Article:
The problem in defense is how far you can go without destroying from within what you are trying to defend from without — Dwight D. Eisenhower
The parallels between hockey and war are striking.
Witness the overarching themes of offense and defense, of attacking versus defending. There are also the moment-by-moment battles: puck control, ebb-and-flow, scrums, body checks, firing shots, physical sacrifices, and defending the net at all costs. Finally, combatants square off — literally — almost every single game.
Even the season can be characterized in the same fashion. Every game is a major battle; the season itself a war. There are winners and losers throughout, and in the end, one reigns supreme over the rest.
In hockey, as in war, a strong defense is essential to victory. In recent years, no team is more aware of that than the Los Angeles Kings.
The Los Angeles Kings perennially have one of the league’s best defensesDuring the Dean Lombardi era (not to mention a swathe of the Dave Taylor regime), the Kings built the foundation of a successful franchise brick by brick.
The Hockey Writers took a look at how the team was assembled last January, and I tackled Lombardi’s philosophy myself a few months later. When you go through the transactions, one thing is clear: there’s no question that Los Angeles is a franchise with a defense-first mentality.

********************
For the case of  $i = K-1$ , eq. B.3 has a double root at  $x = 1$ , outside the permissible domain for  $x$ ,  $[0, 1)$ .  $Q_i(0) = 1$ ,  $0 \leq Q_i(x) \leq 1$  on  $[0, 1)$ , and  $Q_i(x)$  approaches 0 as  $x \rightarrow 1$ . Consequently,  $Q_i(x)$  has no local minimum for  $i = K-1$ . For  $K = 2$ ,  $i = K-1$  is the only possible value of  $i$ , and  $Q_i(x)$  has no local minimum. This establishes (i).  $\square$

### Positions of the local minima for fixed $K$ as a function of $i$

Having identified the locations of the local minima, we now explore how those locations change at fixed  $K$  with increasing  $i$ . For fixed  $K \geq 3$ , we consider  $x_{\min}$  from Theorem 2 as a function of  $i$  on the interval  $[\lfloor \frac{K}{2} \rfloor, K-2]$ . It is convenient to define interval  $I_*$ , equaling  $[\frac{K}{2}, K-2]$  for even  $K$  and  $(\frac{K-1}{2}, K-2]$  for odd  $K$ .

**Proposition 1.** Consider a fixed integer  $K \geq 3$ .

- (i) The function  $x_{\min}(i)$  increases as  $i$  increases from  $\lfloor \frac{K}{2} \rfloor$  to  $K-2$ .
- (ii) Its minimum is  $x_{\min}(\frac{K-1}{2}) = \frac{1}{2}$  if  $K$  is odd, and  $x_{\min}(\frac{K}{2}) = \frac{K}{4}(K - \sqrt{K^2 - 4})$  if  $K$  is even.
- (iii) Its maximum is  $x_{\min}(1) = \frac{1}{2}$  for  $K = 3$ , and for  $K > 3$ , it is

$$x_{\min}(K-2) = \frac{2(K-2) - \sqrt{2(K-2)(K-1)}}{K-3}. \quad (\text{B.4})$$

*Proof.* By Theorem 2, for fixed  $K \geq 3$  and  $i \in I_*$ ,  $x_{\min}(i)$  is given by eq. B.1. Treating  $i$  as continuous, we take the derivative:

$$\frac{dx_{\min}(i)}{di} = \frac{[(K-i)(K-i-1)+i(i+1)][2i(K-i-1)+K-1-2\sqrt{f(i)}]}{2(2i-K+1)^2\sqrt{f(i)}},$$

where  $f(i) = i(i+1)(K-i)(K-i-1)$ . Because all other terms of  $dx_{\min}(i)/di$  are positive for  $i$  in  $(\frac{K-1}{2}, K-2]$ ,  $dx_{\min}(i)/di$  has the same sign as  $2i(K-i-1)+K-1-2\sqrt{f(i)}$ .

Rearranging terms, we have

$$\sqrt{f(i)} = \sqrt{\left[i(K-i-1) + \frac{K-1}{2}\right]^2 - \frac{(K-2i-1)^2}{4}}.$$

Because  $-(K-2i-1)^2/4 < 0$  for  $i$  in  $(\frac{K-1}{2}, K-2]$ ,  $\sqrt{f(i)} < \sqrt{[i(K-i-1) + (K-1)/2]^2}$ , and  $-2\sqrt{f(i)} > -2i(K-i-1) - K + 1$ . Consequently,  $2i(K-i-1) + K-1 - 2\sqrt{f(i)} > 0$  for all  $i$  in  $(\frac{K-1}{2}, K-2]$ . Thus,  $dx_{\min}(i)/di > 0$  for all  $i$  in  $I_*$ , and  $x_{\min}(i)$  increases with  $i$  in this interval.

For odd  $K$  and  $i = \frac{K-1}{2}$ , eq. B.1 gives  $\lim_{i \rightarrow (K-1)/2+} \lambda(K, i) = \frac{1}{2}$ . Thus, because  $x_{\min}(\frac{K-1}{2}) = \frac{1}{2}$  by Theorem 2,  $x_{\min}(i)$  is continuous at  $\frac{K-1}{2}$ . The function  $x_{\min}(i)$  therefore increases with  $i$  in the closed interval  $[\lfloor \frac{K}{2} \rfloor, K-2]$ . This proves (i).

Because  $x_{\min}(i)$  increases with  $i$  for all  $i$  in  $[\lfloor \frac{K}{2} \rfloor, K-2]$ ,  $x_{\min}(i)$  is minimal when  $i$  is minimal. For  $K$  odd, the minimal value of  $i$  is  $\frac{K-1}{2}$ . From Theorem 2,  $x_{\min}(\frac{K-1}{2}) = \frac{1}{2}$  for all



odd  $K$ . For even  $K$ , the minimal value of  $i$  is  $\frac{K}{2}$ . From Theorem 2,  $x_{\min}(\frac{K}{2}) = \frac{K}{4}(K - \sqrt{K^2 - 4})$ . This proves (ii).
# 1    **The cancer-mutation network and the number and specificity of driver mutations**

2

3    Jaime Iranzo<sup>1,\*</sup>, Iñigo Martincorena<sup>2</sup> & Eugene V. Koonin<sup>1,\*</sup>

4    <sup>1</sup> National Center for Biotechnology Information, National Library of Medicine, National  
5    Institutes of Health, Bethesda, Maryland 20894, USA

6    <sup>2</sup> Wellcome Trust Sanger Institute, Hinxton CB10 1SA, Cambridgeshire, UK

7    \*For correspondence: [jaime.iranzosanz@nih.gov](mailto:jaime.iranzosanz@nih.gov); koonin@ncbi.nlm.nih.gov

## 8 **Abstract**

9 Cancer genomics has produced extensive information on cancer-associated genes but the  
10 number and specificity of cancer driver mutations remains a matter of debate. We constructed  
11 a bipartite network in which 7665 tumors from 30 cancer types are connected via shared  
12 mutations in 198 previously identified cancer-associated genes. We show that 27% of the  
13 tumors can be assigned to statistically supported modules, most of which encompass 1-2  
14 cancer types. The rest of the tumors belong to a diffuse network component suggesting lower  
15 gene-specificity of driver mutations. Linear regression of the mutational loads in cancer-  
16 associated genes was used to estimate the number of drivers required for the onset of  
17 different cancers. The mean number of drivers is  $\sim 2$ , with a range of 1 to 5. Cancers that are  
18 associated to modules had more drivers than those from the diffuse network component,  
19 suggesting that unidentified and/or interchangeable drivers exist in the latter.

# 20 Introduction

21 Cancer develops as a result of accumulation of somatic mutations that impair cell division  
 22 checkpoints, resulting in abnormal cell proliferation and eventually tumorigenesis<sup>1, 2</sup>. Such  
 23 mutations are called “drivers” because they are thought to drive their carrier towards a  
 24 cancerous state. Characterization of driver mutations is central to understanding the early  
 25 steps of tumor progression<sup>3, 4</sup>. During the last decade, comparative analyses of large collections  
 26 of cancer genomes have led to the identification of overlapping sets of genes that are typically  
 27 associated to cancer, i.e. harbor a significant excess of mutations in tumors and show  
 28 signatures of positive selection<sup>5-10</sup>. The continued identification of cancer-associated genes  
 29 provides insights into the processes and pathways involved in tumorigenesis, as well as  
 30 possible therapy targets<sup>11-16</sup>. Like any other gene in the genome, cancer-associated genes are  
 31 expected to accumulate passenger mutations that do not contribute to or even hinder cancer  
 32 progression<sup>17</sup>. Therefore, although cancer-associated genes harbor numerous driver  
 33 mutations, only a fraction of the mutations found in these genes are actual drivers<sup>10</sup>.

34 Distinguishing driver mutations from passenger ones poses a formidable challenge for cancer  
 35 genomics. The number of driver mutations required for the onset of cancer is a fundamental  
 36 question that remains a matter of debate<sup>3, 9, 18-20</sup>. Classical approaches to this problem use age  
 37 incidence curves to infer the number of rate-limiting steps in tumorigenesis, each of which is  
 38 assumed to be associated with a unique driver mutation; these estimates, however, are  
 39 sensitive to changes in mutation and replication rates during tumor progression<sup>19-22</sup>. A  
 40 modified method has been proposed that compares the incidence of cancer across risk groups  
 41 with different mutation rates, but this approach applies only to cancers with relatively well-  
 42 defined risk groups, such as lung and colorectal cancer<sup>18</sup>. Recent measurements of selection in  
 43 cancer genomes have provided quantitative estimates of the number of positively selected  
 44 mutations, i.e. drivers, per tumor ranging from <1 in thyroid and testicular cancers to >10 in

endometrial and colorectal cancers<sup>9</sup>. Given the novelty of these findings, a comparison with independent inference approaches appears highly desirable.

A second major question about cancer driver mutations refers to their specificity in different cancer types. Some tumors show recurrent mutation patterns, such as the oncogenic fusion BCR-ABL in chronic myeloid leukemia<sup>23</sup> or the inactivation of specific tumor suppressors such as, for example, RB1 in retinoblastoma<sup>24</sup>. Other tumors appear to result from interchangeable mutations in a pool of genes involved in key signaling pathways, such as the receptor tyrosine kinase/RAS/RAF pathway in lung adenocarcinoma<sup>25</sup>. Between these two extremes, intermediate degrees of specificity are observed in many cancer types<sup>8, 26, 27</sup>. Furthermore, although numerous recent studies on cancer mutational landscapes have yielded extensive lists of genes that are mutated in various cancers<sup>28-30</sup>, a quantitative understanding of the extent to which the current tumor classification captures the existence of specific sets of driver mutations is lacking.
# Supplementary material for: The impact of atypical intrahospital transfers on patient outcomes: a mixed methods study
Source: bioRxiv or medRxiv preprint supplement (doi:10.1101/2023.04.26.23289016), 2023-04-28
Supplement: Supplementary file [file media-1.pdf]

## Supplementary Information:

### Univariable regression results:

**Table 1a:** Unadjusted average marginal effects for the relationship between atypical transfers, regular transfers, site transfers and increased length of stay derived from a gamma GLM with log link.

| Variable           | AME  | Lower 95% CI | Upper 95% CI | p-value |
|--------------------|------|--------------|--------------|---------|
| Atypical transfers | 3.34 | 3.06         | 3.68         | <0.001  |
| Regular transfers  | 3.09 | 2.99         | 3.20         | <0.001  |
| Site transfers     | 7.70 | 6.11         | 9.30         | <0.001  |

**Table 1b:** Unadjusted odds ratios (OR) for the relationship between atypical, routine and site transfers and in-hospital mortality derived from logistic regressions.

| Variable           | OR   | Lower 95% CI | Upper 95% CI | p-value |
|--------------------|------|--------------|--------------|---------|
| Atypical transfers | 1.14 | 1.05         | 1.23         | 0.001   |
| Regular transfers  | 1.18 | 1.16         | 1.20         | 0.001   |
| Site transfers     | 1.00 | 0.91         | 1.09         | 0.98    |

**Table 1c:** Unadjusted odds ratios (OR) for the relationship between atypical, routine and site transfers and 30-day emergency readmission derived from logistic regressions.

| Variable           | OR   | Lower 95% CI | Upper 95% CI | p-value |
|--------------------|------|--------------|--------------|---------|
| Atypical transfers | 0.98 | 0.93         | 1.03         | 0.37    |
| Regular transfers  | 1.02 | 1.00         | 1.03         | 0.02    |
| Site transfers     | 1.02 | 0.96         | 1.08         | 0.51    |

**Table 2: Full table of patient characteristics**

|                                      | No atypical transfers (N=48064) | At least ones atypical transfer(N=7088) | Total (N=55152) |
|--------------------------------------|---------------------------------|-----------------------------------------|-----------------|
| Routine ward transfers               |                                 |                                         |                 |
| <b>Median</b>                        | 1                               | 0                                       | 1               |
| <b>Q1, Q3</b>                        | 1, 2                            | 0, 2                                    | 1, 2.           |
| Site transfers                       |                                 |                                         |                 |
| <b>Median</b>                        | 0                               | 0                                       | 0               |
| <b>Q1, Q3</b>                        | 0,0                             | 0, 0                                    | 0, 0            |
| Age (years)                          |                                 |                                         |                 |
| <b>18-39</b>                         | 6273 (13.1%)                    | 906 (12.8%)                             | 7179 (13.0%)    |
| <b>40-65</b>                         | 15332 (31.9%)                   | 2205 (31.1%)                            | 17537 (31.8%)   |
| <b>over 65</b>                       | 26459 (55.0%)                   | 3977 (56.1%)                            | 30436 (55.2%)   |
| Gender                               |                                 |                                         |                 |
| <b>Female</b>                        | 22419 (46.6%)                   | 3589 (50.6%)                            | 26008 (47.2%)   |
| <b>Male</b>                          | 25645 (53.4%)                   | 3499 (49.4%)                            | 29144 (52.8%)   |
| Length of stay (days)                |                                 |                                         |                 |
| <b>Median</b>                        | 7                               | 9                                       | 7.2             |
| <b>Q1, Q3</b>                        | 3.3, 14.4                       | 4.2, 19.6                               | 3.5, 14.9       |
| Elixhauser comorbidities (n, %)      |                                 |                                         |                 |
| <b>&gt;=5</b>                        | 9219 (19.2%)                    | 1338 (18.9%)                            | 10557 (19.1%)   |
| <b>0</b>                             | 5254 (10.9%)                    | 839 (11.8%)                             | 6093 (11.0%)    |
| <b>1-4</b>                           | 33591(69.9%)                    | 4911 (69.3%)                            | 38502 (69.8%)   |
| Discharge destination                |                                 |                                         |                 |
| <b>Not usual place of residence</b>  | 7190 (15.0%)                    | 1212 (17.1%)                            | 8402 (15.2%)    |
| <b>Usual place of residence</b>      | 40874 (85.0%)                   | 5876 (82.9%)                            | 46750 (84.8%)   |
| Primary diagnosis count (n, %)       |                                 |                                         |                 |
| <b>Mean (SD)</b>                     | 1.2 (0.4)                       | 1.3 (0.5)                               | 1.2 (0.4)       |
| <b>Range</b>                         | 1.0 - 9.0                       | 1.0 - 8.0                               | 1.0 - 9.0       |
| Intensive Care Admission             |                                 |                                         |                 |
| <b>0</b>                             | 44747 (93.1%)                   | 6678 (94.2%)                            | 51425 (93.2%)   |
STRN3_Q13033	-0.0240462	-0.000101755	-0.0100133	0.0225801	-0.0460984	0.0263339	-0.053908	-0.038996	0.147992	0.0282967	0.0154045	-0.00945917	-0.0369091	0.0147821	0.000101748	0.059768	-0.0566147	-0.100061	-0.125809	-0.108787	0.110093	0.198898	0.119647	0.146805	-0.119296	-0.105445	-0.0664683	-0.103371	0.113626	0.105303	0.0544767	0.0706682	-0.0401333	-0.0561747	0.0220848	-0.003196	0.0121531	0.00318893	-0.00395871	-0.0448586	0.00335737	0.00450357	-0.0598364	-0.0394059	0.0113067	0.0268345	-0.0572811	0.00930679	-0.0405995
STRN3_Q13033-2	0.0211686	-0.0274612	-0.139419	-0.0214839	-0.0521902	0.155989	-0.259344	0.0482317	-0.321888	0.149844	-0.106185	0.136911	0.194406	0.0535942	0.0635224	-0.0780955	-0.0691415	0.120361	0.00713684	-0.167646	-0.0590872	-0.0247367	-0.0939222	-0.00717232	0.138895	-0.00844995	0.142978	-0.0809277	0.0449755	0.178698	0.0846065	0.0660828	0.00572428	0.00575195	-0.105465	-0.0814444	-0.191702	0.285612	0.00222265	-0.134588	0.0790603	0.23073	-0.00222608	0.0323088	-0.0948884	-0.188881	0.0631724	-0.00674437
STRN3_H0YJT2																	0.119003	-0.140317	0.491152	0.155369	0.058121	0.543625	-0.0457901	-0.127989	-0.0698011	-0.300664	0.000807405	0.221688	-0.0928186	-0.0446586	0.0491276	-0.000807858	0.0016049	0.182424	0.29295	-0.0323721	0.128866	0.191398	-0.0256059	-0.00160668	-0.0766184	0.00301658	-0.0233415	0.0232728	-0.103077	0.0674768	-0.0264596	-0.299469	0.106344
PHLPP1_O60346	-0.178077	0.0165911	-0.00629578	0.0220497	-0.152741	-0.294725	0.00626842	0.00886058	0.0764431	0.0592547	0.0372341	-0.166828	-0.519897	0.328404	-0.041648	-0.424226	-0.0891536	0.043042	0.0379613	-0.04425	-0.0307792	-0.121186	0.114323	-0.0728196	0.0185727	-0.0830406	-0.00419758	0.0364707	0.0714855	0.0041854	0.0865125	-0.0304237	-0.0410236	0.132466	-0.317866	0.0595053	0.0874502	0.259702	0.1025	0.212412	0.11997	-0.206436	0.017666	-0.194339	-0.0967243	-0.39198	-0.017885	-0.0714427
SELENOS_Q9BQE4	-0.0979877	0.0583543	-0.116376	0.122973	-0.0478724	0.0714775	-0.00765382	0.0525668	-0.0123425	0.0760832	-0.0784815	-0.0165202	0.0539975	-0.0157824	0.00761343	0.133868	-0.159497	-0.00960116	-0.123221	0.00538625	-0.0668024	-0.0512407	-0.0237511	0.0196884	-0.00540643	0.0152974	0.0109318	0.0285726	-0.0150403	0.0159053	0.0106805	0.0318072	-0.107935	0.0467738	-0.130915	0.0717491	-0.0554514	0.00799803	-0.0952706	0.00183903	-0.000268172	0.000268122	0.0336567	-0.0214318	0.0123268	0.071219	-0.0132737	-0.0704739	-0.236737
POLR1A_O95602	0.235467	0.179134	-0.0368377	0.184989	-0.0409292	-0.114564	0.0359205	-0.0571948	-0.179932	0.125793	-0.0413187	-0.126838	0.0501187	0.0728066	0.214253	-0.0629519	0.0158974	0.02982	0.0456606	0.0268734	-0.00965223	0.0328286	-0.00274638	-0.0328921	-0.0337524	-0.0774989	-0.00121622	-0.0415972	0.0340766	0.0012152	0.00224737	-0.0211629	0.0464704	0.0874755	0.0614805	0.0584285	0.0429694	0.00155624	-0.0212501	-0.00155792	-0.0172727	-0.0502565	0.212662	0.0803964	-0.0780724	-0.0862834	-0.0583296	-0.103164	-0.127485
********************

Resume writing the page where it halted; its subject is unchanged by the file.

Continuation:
Twenty-one members of the current roster were either signed, acquired or drafted since 2007, with only Dustin Brown and Anze Kopitar having been on the team prior to that year. Los Angeles isn’t a young team anymore, but with an average age of 27.7, they aren’t old, either. Noteworthy with respect to the roster-building is the fact that L.A. has three things every team covets: a franchise goaltender (Jonathan Quick), franchise defenseman (Drew Doughty) and franchise center (Anze Kopitar).
With head Coach Darryl Sutter leading the way, the foundation in place, plenty of complementary pieces and role players, and the core signed for the long-term, it seems the Kings are in prime position to contend every year. Provided, of course, that the defense continues to lead the way.
The track record is proven
They say defense wins championships, and with two Cups in three seasons, the Kings are exhibit A of that mantra.